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100 Year old Hybrid

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Planetsmasher
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« on: November 19, 2007, 02:38:31 am »

Porsche goes green...100 years ago
At this month's Los Angeles Auto Show, the German performance automaker will unveil its green plan for a new century - the last one.
By Peter Valdes-Dapena, CNNMoney.com staff writer
 

Electric drive
Next to its new Porsche Cayenne Hybrid SUV at the 2007 Los Angles Auto Show later this month, Porsche will show off an electric car from 1900 designed by founder Ferdinand Porsche. This is the predecessor of what Porsche Cars claims was the world's first hybrid car, which followed this one by just a few years.
Even Porsche's initial all-electric design was revolutionary, despite the fact that electric cars were fairly common (insofar as any automobile was common) at the turn of the last century. Porsche's electric car was named "most innovative invention" at the Paris World's fair in 1900, notoriety that resulted in the sale of over 300 of the cars.
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Planetsmasher
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« Reply #1 on: November 19, 2007, 02:39:59 am »



Wheel hub motors
Ferdinand Porsche's first great fascination as an engineer wasn't with automobiles but electricity. As a youngster, he experimented secretly at home with electricity, and his first engineering job was with an Austrian company that made electrical equipment.
It was there that he was asked to engineer an electric motor that had been requested by Austria's royal carriage manufacturer, Jacob Lohner & Co. The electric motors were to be housed within the carriage's wheels.

After he completed the motor design in 1898, Porsche was hired by Lohner to work on the carriage that would run on the motors.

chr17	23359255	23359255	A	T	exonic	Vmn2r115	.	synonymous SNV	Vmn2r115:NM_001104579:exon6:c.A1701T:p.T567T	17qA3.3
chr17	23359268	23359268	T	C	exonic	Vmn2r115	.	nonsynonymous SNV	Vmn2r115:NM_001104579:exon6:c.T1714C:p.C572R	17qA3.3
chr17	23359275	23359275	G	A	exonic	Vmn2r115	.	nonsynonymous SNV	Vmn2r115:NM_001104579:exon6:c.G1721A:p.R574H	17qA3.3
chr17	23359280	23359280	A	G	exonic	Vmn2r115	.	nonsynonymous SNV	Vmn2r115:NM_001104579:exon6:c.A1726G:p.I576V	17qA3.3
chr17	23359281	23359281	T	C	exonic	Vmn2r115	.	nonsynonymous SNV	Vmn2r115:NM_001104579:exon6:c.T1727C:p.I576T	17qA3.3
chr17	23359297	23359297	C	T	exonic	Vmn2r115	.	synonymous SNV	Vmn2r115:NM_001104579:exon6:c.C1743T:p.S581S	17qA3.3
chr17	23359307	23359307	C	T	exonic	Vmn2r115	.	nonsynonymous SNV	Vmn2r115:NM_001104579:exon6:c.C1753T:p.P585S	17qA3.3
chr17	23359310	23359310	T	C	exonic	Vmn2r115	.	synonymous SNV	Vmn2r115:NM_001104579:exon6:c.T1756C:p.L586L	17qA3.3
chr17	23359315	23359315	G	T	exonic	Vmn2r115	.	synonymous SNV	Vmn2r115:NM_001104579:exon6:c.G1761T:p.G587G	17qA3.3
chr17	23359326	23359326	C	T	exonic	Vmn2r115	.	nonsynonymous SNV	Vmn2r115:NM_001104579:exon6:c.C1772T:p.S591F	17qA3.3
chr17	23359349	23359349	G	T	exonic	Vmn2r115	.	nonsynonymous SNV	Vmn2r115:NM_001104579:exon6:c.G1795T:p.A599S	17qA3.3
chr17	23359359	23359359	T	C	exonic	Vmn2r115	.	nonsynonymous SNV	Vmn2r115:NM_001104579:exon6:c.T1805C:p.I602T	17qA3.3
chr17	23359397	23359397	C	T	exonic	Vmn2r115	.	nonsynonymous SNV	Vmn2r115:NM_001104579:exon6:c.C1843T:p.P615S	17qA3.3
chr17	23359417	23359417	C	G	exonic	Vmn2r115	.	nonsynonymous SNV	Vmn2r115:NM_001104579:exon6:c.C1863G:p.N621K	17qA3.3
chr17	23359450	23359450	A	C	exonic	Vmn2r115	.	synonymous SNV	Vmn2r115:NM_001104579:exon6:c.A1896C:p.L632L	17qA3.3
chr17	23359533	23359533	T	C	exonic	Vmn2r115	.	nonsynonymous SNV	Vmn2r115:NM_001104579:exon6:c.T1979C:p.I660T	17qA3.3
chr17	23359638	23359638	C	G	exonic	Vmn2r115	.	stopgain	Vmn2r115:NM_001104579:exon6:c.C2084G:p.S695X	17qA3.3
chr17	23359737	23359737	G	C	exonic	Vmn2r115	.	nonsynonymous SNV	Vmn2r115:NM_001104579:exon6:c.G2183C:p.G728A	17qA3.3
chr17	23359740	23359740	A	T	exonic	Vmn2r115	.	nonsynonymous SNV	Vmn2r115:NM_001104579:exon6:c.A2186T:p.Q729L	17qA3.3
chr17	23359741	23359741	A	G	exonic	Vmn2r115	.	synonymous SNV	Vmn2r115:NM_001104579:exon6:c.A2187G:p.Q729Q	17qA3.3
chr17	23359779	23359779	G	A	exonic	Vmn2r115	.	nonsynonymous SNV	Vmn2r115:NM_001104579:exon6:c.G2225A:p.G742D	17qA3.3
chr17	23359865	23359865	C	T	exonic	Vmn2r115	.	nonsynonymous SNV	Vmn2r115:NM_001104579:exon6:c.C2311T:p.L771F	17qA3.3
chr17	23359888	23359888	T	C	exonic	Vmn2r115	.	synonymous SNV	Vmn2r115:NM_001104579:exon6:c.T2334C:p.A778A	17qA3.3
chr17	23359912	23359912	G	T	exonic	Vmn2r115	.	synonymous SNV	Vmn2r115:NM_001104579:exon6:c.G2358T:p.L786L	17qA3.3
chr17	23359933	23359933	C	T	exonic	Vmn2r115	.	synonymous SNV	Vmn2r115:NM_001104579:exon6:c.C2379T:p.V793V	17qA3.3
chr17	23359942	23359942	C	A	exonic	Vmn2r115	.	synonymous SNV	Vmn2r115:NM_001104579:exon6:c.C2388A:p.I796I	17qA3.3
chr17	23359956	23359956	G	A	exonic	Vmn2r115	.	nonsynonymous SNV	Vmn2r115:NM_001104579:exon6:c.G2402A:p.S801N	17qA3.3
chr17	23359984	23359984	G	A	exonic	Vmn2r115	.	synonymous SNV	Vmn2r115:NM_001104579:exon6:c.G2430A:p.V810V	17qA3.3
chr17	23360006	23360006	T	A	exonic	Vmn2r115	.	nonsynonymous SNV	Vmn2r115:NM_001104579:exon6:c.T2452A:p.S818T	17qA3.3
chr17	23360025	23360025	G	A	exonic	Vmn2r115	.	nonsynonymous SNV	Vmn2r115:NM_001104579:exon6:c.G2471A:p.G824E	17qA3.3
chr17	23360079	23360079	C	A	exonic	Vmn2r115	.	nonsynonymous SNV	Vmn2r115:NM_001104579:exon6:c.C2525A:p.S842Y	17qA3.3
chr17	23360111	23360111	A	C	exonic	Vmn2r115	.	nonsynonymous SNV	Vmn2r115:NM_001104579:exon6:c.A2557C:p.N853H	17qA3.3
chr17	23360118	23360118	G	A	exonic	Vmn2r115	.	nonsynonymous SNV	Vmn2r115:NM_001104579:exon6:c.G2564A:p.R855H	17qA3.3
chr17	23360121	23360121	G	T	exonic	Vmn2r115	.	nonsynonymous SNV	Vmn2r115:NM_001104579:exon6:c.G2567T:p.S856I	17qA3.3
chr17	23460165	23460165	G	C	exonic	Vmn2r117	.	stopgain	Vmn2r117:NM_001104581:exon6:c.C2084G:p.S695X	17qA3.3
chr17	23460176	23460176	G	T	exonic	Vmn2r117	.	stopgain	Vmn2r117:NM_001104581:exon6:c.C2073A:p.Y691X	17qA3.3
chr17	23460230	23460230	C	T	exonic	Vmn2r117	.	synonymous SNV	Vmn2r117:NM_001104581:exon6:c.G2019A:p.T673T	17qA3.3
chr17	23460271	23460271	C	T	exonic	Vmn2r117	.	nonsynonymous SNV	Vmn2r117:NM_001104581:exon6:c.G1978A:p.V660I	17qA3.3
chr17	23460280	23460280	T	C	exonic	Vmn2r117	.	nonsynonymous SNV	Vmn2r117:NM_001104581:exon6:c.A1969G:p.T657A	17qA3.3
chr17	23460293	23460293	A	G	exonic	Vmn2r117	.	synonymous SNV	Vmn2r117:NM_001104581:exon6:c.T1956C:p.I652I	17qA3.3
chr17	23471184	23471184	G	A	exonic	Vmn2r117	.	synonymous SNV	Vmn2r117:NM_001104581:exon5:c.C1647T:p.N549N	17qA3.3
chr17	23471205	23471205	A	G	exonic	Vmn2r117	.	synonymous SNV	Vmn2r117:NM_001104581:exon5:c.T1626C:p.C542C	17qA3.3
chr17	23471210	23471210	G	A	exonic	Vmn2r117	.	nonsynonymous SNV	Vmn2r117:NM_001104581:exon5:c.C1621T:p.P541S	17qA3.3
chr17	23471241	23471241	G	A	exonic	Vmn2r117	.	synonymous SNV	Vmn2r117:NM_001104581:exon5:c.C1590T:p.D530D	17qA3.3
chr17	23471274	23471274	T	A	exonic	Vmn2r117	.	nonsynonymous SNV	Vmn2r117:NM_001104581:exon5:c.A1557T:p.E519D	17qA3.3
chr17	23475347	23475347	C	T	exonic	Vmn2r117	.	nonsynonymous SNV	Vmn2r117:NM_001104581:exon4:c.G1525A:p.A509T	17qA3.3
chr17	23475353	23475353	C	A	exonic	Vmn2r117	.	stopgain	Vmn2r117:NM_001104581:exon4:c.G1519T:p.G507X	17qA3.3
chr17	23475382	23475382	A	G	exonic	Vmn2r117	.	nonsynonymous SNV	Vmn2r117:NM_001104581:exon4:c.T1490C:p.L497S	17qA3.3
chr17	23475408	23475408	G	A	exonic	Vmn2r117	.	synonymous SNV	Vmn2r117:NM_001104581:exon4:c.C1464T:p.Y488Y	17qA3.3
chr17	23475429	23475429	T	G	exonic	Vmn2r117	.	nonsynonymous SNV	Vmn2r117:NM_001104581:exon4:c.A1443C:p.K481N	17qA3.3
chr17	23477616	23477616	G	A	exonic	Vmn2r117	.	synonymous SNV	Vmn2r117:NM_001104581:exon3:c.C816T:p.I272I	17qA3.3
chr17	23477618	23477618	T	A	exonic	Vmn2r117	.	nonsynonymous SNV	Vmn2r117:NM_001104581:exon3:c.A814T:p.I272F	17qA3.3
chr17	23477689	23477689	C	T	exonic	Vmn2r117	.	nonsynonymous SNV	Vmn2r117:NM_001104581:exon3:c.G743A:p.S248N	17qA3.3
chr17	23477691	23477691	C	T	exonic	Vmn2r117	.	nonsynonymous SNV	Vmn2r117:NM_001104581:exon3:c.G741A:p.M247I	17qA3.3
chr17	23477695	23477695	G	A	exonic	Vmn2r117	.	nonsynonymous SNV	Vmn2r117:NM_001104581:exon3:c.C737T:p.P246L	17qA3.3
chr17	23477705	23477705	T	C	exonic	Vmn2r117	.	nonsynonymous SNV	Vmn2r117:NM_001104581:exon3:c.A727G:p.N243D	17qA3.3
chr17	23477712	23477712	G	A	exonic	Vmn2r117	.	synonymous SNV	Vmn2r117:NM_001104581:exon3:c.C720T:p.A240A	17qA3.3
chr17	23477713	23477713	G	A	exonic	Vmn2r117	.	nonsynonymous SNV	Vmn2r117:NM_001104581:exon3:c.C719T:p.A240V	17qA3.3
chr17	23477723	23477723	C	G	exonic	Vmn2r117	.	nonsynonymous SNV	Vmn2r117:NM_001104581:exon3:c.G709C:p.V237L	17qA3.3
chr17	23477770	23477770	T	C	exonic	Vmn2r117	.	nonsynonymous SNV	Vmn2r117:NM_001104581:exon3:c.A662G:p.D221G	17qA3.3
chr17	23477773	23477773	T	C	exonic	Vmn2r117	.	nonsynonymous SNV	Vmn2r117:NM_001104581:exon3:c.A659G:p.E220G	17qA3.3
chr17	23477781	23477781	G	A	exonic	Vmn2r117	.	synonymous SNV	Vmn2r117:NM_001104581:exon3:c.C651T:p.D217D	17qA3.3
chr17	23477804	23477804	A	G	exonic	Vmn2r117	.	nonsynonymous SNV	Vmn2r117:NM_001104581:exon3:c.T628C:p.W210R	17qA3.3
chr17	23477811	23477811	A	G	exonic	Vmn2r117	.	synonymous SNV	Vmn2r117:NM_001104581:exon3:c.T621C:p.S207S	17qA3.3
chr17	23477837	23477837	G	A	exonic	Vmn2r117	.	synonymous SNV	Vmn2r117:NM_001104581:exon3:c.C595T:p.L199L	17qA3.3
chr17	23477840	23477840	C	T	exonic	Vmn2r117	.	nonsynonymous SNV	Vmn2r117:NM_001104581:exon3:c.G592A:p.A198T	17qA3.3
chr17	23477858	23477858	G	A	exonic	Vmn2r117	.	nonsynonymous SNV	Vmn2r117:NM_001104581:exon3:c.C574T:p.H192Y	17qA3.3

With an electric motor in each front wheel, the car had a top speed of about 31 miles per hour. Versions of this car won several races, often with Porsche himself at the wheel.

One racing version, created in 1900 and capable of a top speed of 37 miles per hour, had electric motors in all four wheels, allowing Porsche Cars to claim that its founder created the first all-wheel-drive vehicle.
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Planetsmasher
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« Reply #2 on: November 19, 2007, 02:41:18 am »



Limitations
What made Porsche's electric car so revolutionary was the manufacturing simplicity and energy efficiency engendered by placing the motors directly at the wheel hubs.
With no transmission or cables of any sort needed to carry energy from the motors to the wheels, 83 percent of the energy used by the car actually went to move the car. That compares to less than 40 percent for modern internal combustion engines.

Despite that, Porsche's electric car design was severely limited by the available battery technology. Batteries couldn't hold enough electricity for long trips, and they wore out quickly. Adding more power and range meant adding lots more weight.

Battery power also made the cars quite expensive. Typical buyers were wealthy industrialists like Emil Jellenik, the Daimler Motor Co. investor who demanded that that company name its cars after his daughter, Mercedes.
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Planetsmasher
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« Reply #3 on: November 19, 2007, 02:42:39 am »



Hybrid power
Porsche's answer was to generate electricity on-board as the vehicle drove. By 1901, he added a gasoline internal combustion engine to one of his all-wheel-drive electric race cars creating, essentially, the world's first hybrid car.
Unlike most hybrid cars today, the Lohner-Porsche Mixte's gas engine never powered the wheels directly. It was only used to generate power for the car's electric motors. In that way, it's more similar to something like General Motor's Chevrolet Volt concept vehicle. One big difference is that the Lehner-Porsche was, ultimately, powered by gasoline alone. It couldn't be plugged in for extra charging.

All five hybrid cars produced in 1901, equipped with Mercedes-Benz engines, were bought by Emil Jellinek. With further development, the Porsche-Lohner hybrids reached top speeds of 56 miles per hour.

As far as today's Porsche is concerned, the company is searching for ways to adapt to stricter fuel economy rules expected to come soon to the United States and Europe.

While a hybrid system will work in an SUV like the Cayenne, Porsche executives have said, the company's core remains its sports cars. It would be difficult to make a hybrid sports cars that would retain Porsche's legendary handling and balance, Porsche North America chief executive Peter Schwarzenbauer said in a recent interview with CNNMoney.com.

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